• Joint Opinion of the Venice Commission and the OSCE/ODIHR on Amending the Electoral Code, the Code of Offenses, and the Code of Audiovisual Media Service

    Joint Opinion of the Venice Commission and the OSCE/ODIHR on Amending the Electoral Code, the Code of Offenses, and the Code of Audiovisual Media Service
    19 August 2020 | 09:16

    The Ministry of Justice received the urgent joint opinion of the Venice Commission and the OSCE/ODIHR aiming to amend the Electoral Code, the Code of Offenses, and the Code of Audiovisual Media Service. According to the joint opinion of the Venice Commission and the OSCE/ODIHR, electoral reform should be built on clear and comprehensive legislation that meets international standards. At the same time, the amended law should be adopted by a broad consensus after extensive public debate. The two international institutions also mentioned that the new amendments should be adopted well in advance of the process, allowing sufficient time for stakeholders to become familiar with the new provisions and make preparations required for compliance.

    The Parliament voted in the first reading the amendments to the Electoral Code. However, the new draft amendments to the Electoral Code sparked criticism from the opposition parties and the Western Partners. 

    Siegfried Mureșan, Member of the European Parliament, criticized the amendments, mentioning that the new bill will prohibit the civil society organizations to monitor the elections, or issue public statements about irregularities detected during the campaign.

    On August 19, the Ministry of Justice received the urgent joint opinion of the Venice Commission and the OSCE/ODIHR on the draft law no. 263 aiming to amend the Electoral Code, the Code of Offenses, and the Code of Audiovisual Media Services.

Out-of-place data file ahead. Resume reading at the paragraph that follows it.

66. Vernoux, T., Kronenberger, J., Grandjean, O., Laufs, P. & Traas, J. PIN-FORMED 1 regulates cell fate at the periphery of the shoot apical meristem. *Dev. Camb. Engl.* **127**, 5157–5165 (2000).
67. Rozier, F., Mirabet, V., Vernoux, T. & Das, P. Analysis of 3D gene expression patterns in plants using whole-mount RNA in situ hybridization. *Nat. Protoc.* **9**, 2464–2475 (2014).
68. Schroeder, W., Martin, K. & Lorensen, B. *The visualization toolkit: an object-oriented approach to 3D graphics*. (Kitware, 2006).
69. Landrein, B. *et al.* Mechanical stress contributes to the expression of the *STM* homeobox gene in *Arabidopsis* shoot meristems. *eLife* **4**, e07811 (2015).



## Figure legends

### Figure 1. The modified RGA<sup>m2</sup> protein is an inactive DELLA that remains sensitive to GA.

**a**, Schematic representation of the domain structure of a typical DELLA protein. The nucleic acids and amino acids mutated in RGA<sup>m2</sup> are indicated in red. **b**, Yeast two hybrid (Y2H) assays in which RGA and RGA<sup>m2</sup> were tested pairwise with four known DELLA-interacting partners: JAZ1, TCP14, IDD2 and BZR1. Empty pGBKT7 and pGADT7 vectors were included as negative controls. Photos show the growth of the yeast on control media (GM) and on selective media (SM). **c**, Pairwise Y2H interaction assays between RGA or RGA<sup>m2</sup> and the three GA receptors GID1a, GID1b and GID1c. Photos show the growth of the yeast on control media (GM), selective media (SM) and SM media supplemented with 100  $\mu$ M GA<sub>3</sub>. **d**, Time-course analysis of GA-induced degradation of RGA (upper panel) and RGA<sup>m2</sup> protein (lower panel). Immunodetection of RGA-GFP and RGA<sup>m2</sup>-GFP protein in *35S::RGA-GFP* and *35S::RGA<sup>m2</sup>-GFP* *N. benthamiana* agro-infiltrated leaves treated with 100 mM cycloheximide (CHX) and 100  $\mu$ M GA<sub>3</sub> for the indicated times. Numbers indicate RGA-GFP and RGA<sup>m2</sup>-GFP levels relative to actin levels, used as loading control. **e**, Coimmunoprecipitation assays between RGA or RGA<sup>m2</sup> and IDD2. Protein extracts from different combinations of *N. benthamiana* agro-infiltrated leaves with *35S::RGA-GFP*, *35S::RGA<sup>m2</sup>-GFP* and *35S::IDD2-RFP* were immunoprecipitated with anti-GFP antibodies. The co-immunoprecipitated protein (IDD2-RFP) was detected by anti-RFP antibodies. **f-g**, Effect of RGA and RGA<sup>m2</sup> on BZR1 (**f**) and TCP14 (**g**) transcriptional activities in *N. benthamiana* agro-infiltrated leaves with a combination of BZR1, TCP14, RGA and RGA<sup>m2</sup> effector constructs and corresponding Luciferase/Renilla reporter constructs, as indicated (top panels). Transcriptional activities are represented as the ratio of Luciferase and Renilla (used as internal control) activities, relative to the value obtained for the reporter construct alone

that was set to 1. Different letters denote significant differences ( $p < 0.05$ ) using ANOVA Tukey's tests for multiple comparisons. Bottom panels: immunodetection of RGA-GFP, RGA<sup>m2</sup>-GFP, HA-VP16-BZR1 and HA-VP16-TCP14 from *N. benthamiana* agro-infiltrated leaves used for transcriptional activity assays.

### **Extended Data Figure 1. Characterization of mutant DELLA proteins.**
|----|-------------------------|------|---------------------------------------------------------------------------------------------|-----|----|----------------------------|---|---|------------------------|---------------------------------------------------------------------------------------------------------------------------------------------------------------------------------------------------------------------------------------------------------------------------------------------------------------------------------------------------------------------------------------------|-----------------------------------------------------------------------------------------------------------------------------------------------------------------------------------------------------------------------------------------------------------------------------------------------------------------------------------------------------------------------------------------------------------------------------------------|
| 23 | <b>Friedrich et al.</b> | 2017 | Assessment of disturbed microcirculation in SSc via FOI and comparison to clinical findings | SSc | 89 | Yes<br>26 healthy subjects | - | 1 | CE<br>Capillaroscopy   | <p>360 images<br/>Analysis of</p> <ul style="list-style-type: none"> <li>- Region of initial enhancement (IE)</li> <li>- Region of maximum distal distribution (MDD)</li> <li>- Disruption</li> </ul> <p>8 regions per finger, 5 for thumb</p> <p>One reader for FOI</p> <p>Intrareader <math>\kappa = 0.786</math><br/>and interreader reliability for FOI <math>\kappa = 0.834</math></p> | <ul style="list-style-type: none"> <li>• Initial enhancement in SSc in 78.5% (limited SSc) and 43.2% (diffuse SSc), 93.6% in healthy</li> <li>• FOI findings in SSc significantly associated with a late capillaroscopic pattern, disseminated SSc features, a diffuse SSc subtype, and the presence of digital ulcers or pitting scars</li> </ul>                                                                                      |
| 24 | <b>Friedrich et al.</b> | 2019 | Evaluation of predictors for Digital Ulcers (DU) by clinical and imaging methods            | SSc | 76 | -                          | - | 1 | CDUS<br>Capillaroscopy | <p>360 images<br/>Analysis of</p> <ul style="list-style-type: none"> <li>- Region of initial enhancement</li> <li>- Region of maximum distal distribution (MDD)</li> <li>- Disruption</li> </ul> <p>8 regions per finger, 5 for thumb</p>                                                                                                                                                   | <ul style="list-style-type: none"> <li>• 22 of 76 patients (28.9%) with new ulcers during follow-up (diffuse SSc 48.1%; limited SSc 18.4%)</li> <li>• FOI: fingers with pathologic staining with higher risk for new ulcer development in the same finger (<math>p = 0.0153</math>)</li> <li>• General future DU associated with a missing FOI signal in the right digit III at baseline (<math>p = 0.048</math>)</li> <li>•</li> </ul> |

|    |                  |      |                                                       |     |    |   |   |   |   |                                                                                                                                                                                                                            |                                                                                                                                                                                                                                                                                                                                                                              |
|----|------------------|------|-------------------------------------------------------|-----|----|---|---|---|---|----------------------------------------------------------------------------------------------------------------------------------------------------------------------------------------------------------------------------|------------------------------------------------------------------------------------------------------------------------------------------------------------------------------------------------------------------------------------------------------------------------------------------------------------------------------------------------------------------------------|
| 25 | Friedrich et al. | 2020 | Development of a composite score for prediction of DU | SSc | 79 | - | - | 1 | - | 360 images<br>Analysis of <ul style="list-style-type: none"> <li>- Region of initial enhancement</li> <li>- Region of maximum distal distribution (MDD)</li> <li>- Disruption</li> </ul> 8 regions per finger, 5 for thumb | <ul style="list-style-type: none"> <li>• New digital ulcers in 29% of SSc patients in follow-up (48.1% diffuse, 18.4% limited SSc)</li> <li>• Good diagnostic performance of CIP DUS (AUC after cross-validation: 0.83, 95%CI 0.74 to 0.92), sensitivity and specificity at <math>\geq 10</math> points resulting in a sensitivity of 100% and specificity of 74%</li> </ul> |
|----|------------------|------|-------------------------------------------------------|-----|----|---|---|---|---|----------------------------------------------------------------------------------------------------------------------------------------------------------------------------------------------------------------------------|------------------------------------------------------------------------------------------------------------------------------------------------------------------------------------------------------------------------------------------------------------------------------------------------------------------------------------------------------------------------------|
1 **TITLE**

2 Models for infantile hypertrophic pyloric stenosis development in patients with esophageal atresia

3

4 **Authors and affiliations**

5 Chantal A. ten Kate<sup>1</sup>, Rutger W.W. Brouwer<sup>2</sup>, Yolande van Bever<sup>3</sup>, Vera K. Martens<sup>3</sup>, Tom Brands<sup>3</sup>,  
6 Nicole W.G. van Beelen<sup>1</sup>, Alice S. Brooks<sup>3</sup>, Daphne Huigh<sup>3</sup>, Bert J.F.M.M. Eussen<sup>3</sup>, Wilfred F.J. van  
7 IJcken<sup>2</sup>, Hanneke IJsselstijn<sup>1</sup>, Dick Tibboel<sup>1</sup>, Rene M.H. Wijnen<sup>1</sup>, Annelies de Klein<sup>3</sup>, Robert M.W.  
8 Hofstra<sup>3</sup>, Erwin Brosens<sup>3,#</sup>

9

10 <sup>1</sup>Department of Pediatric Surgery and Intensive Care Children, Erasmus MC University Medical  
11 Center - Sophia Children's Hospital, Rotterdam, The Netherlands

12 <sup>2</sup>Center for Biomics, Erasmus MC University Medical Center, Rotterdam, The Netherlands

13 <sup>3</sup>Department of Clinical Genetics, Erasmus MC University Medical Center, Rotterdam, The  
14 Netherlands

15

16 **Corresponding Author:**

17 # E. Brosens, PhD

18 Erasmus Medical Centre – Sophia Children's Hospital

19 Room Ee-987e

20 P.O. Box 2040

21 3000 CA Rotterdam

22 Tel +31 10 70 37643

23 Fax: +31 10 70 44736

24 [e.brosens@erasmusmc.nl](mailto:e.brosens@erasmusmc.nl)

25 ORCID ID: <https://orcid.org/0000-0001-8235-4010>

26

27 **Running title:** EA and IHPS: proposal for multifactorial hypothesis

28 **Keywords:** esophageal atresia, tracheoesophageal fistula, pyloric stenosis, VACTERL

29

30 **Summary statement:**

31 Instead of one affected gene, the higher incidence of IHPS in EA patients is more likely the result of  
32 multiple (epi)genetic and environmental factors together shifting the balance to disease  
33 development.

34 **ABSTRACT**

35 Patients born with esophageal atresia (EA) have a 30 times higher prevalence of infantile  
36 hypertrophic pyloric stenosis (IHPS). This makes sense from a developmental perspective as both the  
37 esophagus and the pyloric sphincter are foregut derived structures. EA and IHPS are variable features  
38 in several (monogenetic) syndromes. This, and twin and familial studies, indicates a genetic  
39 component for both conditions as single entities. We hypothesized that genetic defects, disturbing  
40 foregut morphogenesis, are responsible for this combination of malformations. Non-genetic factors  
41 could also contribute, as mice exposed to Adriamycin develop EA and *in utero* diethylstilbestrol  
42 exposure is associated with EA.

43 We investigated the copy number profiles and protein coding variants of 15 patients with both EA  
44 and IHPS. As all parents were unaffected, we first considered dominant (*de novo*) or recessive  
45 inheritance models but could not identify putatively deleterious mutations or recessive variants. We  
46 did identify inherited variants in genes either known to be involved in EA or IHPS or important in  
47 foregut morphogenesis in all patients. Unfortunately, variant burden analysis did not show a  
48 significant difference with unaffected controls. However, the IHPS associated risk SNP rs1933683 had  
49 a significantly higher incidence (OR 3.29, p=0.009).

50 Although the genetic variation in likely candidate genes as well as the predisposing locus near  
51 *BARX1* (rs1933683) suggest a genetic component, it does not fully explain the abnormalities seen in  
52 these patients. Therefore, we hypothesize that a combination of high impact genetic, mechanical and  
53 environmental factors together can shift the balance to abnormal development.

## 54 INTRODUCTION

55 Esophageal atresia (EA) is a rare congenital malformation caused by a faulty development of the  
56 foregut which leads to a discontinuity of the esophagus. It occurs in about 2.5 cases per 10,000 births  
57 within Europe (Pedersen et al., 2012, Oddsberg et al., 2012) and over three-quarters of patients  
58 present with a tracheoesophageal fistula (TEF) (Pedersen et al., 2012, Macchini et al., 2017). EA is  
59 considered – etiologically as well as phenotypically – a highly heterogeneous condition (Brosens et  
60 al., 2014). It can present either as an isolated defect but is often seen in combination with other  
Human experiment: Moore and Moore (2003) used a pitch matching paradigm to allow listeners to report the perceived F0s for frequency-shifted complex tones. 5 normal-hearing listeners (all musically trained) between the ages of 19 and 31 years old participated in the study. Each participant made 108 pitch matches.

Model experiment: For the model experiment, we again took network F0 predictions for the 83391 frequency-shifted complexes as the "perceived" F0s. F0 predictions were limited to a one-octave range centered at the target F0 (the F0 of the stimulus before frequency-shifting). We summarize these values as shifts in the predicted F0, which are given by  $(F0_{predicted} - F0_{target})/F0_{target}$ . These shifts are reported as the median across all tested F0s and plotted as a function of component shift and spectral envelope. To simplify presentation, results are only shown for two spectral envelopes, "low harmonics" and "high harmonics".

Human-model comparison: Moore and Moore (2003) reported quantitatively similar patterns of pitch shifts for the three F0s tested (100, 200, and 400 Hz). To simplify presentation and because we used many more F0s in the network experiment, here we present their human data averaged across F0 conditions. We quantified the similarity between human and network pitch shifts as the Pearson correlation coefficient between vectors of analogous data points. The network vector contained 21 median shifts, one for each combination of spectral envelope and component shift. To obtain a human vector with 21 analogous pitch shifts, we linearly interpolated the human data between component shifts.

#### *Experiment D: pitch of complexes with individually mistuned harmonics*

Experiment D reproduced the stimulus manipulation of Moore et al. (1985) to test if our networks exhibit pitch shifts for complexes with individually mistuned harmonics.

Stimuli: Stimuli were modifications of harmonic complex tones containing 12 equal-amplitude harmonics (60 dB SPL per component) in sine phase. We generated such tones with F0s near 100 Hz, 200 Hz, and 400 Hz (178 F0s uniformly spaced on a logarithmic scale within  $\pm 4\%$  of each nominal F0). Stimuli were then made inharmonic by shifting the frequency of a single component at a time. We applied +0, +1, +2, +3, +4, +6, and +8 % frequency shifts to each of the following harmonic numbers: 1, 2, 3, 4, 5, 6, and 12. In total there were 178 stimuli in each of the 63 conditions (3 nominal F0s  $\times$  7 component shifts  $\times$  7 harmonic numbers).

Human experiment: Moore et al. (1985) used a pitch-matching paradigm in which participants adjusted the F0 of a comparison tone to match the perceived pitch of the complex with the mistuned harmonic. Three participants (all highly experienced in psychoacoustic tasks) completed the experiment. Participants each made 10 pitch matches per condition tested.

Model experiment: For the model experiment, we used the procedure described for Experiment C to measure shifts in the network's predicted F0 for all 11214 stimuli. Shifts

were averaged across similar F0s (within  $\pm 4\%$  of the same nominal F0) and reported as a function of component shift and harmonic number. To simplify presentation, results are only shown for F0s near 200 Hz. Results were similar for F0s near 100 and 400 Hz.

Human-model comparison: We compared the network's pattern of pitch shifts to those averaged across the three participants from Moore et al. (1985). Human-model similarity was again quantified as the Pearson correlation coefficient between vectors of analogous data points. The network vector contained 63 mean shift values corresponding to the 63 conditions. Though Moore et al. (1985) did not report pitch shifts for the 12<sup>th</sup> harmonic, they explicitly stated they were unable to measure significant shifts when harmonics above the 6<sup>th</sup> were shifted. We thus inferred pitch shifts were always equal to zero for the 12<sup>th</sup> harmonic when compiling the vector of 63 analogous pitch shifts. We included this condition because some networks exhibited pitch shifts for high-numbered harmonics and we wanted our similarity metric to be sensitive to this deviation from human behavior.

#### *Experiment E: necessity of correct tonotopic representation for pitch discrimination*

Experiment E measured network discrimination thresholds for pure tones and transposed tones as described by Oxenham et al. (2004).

According to the joint opinion of the Venice Commission and the OSCE/ODIHR, a successful electoral reform should be built on clear and comprehensive legislation that meets international obligations and standards and addresses prior recommendations, the adoption of legislation by broad consensus after extensive public consultations with all relevant stakeholders, and the political commitment to fully implement the electoral legislation in good faith.

    “The ODIHR and the Venice Commission welcome the Republic of Moldova’s efforts to amend its electoral legal and institutional framework, to bring it into compliance with relevant OSCE commitments, Council of Europe and other international human rights instruments as well as good practices. 

    The draft includes some improvements and addresses several prior recommendations given by the ODIHR, PACE, and the Venice Commission. Positive steps include clearer definitions of the term electoral campaign and explanations regarding the timeline for campaigning in the second round, additional provisions aimed at preventing the misuse of administrative resources, expanding the range of sanctions that could be applied for violations of campaign rules, the wide definition of the persons entitled to submit complaints or appeals as well of the appealable acts, and reasonably short deadlines, in particular for complaints and appeals,” the joint opinion of the OSCE/ODIHR and the Venice Commission mentions.

    The Opinion states that the principle of the stability of electoral law must be respected. For any substantial changes to apply to the upcoming local and presidential elections of September and November 2020, they need to be adopted well in advance of the process, allowing sufficient time for stakeholders to become familiar with the new provisions and make preparations required for compliance.